4. For me, the yearly Walks for Life and the Pro-Life movement in general always tastes and looks bad for Catholicism learning that for most, not all, of the participants the life they refer to is the life before birth only, meaning the unborn while forsaking those who are born. I can see the unborn are a very convenient group to organize around because they don’t make any demands of you and they’re not morally complicated – unlike those in prison, those with addictions, or those trapped in poverty. You can love the unborn and advocate for them without substantially challenging you own wealth, power, privilege, without reimagining social structures, apologizing, or making reparations to anyone. They are, in short, the perfect people to love if you want to claim you love Jesus but actually dislike people who breathe.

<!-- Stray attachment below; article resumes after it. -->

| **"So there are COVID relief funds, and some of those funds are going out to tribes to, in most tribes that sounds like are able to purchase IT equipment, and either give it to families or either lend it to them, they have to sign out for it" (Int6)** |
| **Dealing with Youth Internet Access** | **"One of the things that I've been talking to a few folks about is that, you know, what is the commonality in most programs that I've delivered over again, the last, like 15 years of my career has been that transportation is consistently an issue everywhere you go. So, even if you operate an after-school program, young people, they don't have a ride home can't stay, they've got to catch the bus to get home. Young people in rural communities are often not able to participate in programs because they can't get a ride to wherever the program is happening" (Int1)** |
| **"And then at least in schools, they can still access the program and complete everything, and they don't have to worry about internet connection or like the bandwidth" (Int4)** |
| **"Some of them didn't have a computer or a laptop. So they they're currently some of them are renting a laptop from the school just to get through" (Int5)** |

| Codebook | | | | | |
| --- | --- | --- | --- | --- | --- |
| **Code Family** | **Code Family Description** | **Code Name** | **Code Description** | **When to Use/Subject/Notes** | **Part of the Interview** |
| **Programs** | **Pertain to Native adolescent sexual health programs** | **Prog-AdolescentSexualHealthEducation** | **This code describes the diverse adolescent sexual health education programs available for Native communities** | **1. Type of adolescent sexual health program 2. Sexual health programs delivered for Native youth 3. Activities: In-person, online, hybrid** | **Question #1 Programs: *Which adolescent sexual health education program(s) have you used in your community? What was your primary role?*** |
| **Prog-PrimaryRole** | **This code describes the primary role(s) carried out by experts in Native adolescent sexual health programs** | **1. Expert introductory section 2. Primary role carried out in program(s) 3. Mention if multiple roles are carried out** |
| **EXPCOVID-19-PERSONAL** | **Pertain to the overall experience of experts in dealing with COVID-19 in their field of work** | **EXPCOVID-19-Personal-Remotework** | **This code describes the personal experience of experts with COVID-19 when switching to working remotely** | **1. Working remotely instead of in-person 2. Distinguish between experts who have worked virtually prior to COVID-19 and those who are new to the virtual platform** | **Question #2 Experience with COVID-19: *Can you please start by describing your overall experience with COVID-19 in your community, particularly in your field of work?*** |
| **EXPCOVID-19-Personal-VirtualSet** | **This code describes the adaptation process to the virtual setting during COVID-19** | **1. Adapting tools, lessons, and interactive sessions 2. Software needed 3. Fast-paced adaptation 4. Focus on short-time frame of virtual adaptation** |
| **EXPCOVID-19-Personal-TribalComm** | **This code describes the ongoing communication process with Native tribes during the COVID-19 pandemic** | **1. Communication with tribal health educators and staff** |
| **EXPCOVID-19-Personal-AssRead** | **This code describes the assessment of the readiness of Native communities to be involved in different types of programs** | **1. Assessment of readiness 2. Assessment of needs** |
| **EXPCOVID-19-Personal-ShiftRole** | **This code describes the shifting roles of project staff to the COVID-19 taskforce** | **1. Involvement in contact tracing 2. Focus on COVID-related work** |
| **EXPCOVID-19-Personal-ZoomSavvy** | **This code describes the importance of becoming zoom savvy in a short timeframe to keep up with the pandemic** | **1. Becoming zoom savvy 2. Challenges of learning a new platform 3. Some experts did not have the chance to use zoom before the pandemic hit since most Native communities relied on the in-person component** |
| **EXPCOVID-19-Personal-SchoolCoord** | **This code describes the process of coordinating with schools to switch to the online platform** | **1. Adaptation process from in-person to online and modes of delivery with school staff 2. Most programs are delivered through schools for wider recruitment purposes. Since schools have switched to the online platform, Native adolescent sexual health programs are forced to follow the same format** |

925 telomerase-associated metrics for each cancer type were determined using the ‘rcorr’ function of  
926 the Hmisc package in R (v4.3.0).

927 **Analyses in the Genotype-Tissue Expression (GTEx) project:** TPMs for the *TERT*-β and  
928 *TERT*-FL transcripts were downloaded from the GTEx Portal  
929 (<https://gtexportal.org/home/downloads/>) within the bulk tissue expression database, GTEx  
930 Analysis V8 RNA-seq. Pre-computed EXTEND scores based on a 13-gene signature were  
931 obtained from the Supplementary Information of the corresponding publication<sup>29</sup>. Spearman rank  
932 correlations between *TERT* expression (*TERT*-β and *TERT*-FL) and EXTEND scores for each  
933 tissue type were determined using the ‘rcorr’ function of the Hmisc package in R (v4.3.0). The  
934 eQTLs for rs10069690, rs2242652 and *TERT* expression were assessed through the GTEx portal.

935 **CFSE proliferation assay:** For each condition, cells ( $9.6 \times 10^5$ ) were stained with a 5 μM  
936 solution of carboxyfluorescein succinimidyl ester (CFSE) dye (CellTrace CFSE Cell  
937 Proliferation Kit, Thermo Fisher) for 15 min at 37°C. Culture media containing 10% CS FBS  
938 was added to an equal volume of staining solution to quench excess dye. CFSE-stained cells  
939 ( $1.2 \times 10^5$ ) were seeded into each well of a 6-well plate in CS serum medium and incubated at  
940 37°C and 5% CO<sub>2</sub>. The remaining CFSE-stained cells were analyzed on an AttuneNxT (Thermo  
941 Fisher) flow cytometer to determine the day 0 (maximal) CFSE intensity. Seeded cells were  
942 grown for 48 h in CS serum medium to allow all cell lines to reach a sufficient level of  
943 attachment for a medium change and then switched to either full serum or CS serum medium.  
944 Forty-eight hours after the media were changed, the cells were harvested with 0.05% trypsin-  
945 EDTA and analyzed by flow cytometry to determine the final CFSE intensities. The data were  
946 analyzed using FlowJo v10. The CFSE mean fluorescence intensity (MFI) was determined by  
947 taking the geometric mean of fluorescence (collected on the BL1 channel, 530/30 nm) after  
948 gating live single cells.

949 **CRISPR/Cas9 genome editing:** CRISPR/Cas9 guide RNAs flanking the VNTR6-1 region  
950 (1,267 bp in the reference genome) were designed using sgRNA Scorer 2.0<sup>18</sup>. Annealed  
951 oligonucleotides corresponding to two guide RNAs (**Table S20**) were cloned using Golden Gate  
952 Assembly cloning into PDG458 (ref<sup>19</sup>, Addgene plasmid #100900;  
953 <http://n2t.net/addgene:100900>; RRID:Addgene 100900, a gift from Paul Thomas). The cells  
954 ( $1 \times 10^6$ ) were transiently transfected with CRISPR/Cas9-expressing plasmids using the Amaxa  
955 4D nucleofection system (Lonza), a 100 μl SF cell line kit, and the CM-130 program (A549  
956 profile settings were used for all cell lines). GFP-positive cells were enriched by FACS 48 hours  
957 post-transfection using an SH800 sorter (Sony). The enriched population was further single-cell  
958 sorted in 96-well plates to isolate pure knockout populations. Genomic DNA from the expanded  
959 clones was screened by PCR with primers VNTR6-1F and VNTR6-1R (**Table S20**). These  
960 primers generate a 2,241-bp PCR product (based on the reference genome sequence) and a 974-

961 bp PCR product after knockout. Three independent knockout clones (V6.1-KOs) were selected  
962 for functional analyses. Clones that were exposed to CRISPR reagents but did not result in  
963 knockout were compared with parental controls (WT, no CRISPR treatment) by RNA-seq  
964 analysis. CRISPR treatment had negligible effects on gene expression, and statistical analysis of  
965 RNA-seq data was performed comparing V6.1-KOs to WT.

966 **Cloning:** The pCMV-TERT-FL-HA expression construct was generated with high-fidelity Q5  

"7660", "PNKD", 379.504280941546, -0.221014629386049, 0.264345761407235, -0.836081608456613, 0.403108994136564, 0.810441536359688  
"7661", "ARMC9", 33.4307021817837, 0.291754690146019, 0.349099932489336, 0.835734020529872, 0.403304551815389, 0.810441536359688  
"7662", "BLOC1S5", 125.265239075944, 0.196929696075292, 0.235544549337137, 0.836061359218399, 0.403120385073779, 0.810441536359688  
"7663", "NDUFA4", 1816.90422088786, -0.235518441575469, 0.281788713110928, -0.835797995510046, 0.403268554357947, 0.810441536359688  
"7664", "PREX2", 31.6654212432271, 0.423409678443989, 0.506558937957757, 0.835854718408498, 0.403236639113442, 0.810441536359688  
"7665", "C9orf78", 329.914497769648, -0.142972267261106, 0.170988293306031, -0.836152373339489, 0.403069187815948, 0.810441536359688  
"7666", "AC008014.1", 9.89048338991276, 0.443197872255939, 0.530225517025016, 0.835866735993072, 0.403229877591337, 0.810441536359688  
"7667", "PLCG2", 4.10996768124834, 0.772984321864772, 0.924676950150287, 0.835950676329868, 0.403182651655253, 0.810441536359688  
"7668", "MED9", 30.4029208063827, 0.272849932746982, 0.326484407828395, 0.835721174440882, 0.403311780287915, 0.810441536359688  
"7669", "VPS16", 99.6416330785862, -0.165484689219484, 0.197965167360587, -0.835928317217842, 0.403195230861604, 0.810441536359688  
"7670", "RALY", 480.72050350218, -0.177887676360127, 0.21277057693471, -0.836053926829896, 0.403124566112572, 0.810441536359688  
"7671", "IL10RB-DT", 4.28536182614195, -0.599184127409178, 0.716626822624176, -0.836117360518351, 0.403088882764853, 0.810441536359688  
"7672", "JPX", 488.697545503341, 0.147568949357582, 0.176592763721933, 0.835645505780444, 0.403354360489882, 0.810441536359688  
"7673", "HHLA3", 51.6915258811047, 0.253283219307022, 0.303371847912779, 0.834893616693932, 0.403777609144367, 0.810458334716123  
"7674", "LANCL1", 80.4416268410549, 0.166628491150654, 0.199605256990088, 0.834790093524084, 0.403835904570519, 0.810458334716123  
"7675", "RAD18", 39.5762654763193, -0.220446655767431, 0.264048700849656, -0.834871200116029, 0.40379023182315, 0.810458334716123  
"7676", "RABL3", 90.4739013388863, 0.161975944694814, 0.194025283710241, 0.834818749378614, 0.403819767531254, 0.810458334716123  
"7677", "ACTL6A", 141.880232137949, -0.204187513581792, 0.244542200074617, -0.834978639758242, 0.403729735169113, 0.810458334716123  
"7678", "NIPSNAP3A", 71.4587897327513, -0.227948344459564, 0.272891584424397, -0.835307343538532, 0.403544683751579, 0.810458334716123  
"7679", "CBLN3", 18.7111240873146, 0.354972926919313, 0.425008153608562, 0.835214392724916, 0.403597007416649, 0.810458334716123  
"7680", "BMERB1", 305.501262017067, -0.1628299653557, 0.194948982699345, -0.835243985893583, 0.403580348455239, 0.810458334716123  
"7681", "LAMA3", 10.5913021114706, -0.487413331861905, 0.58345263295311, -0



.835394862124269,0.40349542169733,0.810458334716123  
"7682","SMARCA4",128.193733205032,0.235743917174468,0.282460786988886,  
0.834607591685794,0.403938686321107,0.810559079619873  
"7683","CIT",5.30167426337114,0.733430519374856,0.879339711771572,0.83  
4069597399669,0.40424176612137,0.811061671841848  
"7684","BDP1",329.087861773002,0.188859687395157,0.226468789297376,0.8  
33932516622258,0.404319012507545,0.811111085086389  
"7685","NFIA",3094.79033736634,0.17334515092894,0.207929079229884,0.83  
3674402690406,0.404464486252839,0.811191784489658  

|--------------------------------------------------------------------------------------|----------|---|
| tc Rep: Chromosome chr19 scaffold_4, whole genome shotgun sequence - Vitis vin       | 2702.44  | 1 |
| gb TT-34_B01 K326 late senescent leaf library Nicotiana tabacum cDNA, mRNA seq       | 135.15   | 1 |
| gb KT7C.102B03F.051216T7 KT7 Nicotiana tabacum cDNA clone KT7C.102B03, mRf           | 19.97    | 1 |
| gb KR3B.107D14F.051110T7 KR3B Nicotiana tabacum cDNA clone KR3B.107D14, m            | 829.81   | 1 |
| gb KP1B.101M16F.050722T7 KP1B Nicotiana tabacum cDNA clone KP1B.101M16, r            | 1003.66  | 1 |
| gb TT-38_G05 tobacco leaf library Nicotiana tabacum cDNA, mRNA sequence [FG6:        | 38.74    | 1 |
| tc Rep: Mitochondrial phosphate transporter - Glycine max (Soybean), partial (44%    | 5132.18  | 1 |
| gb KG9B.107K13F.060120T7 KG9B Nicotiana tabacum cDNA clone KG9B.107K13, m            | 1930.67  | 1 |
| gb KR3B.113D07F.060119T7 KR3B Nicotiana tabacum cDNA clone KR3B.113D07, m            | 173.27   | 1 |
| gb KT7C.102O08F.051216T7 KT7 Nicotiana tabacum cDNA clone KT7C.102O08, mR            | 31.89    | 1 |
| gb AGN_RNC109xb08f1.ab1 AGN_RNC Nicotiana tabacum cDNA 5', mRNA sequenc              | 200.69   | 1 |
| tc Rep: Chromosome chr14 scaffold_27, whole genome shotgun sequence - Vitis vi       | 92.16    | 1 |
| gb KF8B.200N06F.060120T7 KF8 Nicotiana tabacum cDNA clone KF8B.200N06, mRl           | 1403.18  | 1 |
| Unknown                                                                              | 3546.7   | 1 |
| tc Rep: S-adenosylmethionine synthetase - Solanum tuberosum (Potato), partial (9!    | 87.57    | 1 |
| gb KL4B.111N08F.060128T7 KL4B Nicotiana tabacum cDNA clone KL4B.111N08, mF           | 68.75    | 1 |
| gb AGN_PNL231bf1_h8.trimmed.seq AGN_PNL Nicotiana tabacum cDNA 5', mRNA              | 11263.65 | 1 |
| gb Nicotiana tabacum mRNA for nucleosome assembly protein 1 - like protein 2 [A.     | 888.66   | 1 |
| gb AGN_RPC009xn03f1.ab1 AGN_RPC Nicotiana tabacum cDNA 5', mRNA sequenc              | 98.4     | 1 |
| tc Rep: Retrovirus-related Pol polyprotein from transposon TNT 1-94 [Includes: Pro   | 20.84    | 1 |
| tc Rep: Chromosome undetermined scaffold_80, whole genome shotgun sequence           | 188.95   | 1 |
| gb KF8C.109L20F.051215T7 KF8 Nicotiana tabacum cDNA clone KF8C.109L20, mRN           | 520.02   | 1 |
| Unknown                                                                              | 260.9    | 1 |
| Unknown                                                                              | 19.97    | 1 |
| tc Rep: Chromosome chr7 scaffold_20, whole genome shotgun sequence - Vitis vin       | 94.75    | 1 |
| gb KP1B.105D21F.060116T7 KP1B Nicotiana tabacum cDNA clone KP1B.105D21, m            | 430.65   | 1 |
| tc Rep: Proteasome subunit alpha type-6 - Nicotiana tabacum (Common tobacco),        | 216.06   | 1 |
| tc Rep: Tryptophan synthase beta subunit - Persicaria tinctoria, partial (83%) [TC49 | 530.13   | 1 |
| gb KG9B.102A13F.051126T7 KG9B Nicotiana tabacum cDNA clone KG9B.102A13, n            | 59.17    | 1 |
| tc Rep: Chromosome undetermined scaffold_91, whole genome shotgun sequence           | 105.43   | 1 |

5. I don’t usually like to comment on comments, but it does seem that there frequently is a comment or two after pro-life articles accusing pro-life people of not caring for life after birth. This is not true, and no examples are given of this uncaring attitude of pro-lifers.
    To be opposed to those who enter our country illegally is not anti-life. To question the woke climate change position is not anti-life. Who are the anti-abortion persons who do not oppose euthanasia? The death penalty is not intrinsically evil, as is abortion and euthanasia. In fact, there are many pro-life people manning parish kitchens and other food for the poor operations.
    We judge actions, but not motivations, but I can’t help wondering if many of those who accuse pro-life people of not caring for other aspects of life are trying to justify belonging to the party of death, the party which is in favor killing the unborn, all the way up to birth.